When you live generously, it can inspire people around you to do the same. Particularly if your family includes children: The more they see you living out your values, the more likely they'll be empowered to make charitable choices themselves.
One of the best ways to strengthen and encourage this trait is to involve your kids in your family giving strategy and even let them take the lead as they explore their own generosity.
Here are some ways to make this happen while also building your family bonds.
Point out good opportunities to help others
Kids—just like grown-ups—can be resistant to doing something if they're made to do it without explanation. So take the time to introduce the idea of generosity in your family before you dive into a charitable project. This kind of stage-setting can happen very naturally. In addition to modeling and explaining your own generous actions, try to spot everyday moments that can be conversation starters.
Holidays that involve service or gift-giving offer some of the easiest opportunities to discuss why doing things for others feels good and propels a positive community. Local, national and global events can prompt these discussions, too. When a neighbor loses their home to a fire or an area is devastated by a hurricane, you can talk about and show your kids how giving your time, talent and treasures can help others.
Even when you're reading a book or watching a show together, you can point out when a character's generous action or trait lines up with your family values.
Find practical ways to weave giving into your family lifestyle
Generally, charitable behavior falls into three categories: giving your money, giving your possessions and resources, or giving your time. Every family shows generosity differently according to what makes sense for them. But it can be advantageous to encourage family members to try some form of each kind of giving. It can help them realize there isn't just one way to build their own charitable legacy.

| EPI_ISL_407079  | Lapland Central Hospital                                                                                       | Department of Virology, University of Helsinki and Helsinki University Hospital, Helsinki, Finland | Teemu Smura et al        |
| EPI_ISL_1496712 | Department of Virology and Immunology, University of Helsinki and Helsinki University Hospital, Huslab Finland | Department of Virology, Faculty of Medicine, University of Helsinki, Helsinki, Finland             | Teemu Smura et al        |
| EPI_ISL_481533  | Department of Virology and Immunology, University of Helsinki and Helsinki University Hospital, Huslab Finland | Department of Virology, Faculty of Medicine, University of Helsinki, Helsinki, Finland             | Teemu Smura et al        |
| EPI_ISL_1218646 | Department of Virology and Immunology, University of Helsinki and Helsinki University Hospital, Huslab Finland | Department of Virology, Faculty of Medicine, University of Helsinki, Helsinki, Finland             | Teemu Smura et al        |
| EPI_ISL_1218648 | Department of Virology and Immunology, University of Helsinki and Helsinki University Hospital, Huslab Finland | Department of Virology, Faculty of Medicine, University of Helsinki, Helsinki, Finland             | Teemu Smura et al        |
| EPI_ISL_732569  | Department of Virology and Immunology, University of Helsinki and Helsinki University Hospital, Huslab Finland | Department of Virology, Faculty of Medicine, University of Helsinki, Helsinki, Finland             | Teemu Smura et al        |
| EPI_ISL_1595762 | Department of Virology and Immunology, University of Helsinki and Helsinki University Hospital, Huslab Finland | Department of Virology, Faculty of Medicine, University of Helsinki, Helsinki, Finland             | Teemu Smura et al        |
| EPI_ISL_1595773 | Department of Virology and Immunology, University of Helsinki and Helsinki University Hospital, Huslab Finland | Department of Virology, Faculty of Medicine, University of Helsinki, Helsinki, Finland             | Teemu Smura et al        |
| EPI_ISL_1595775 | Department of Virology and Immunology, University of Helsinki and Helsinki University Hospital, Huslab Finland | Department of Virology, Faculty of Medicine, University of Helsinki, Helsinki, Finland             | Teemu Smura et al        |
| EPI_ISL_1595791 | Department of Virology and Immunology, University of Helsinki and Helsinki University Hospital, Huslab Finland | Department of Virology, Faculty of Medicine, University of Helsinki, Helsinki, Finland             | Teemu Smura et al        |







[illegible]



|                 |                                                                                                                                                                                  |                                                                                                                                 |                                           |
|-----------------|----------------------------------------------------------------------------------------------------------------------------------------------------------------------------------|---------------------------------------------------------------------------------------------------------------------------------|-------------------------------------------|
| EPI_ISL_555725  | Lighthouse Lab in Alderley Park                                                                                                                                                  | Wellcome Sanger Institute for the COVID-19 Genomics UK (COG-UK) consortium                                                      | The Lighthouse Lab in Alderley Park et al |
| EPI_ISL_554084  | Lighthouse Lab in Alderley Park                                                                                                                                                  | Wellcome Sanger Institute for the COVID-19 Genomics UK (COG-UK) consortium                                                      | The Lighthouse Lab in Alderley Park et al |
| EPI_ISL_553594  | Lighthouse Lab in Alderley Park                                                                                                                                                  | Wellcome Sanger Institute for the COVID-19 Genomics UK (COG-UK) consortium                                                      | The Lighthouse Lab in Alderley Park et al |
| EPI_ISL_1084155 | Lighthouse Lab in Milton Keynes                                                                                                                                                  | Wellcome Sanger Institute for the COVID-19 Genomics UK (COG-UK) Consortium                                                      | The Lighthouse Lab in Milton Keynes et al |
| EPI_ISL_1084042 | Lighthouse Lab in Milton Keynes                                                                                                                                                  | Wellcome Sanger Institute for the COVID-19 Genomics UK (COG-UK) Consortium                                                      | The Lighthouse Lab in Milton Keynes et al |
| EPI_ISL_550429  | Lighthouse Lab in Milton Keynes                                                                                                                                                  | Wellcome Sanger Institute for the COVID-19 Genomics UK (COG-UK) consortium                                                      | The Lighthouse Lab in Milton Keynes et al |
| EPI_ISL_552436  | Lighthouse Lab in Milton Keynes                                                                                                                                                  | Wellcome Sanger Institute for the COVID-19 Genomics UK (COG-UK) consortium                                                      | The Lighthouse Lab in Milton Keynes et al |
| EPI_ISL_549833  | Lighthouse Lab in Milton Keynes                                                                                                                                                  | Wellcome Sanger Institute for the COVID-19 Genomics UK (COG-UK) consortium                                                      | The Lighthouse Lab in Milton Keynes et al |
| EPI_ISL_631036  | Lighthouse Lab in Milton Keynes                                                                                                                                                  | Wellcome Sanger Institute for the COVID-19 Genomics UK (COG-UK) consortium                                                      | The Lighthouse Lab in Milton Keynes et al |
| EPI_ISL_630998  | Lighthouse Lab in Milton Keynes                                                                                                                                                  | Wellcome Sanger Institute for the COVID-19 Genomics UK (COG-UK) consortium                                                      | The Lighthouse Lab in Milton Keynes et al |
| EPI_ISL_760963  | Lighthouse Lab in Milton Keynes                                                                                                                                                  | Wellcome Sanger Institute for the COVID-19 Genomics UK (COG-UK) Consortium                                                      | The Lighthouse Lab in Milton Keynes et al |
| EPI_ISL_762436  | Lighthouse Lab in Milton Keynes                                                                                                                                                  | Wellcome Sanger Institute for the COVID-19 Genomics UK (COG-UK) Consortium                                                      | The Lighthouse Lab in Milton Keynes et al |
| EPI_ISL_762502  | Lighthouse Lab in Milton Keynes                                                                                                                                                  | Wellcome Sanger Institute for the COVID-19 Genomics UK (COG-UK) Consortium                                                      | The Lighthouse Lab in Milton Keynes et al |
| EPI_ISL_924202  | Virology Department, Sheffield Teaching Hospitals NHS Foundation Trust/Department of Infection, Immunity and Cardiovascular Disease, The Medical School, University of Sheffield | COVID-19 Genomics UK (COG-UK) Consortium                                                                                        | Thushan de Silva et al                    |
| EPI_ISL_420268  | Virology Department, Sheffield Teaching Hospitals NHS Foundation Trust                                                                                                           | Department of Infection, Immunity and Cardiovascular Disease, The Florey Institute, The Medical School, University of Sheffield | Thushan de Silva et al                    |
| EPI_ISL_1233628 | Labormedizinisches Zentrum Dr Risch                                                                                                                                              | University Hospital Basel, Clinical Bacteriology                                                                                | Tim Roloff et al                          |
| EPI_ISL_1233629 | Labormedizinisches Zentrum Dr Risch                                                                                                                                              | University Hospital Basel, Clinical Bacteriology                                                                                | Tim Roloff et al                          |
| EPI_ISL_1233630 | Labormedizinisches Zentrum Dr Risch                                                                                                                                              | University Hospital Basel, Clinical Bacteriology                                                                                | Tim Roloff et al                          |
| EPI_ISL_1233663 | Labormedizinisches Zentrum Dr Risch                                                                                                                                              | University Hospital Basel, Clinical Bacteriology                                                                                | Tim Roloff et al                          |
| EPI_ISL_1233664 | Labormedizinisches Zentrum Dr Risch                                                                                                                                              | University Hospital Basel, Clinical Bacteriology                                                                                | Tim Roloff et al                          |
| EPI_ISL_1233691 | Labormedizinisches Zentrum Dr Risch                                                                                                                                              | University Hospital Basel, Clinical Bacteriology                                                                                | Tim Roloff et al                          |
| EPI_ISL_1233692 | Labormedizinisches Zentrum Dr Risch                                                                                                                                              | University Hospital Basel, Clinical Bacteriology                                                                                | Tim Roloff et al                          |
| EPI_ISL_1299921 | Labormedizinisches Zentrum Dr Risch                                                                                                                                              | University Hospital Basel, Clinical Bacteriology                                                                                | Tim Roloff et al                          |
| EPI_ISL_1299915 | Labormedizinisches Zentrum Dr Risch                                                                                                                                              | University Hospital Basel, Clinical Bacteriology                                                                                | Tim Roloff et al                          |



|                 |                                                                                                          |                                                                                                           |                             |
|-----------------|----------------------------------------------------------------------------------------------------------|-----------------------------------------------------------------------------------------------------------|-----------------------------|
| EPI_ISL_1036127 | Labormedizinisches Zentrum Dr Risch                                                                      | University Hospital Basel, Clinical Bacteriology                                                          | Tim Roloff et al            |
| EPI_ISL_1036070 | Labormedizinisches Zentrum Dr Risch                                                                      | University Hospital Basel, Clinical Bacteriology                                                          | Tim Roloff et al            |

Charitable activities with young kids
Young children may have few personal resources, but they often have time, energy and creativity to spare. When they do show charitable and generous impulses, you'll want to follow their chosen direction. Some kids, for instance, may latch onto the idea of giving their toys to less fortunate kids or doing tasks for people in need.
While kids' big hearts and imaginations are typically an asset, you may need to redirect your child's ideas from time to time. For example, if they're an animal lover and want to bring home every creature in need, you could suggest instead asking the local shelter if there are kid-friendly tasks they could do. Or you could see if an elderly neighbor would appreciate you and your child walking their dog.
This life stage also can be the perfect time to start sharing the organizations and causes that matter to you and letting your child jump in whenever possible. You might look for volunteer opportunities at your church or local community center that allow kids to participate in a pint-size project while you or their older siblings do the heavier, more complicated jobs.
Here are some other ideas for engaging young children in charitable giving:
- When children identify people in your community who are falling on hard times or who don't have the same luxuries you enjoy, take the time to engage. Explain that not everyone has the things they have, and ask for their ideas about how to help those around them.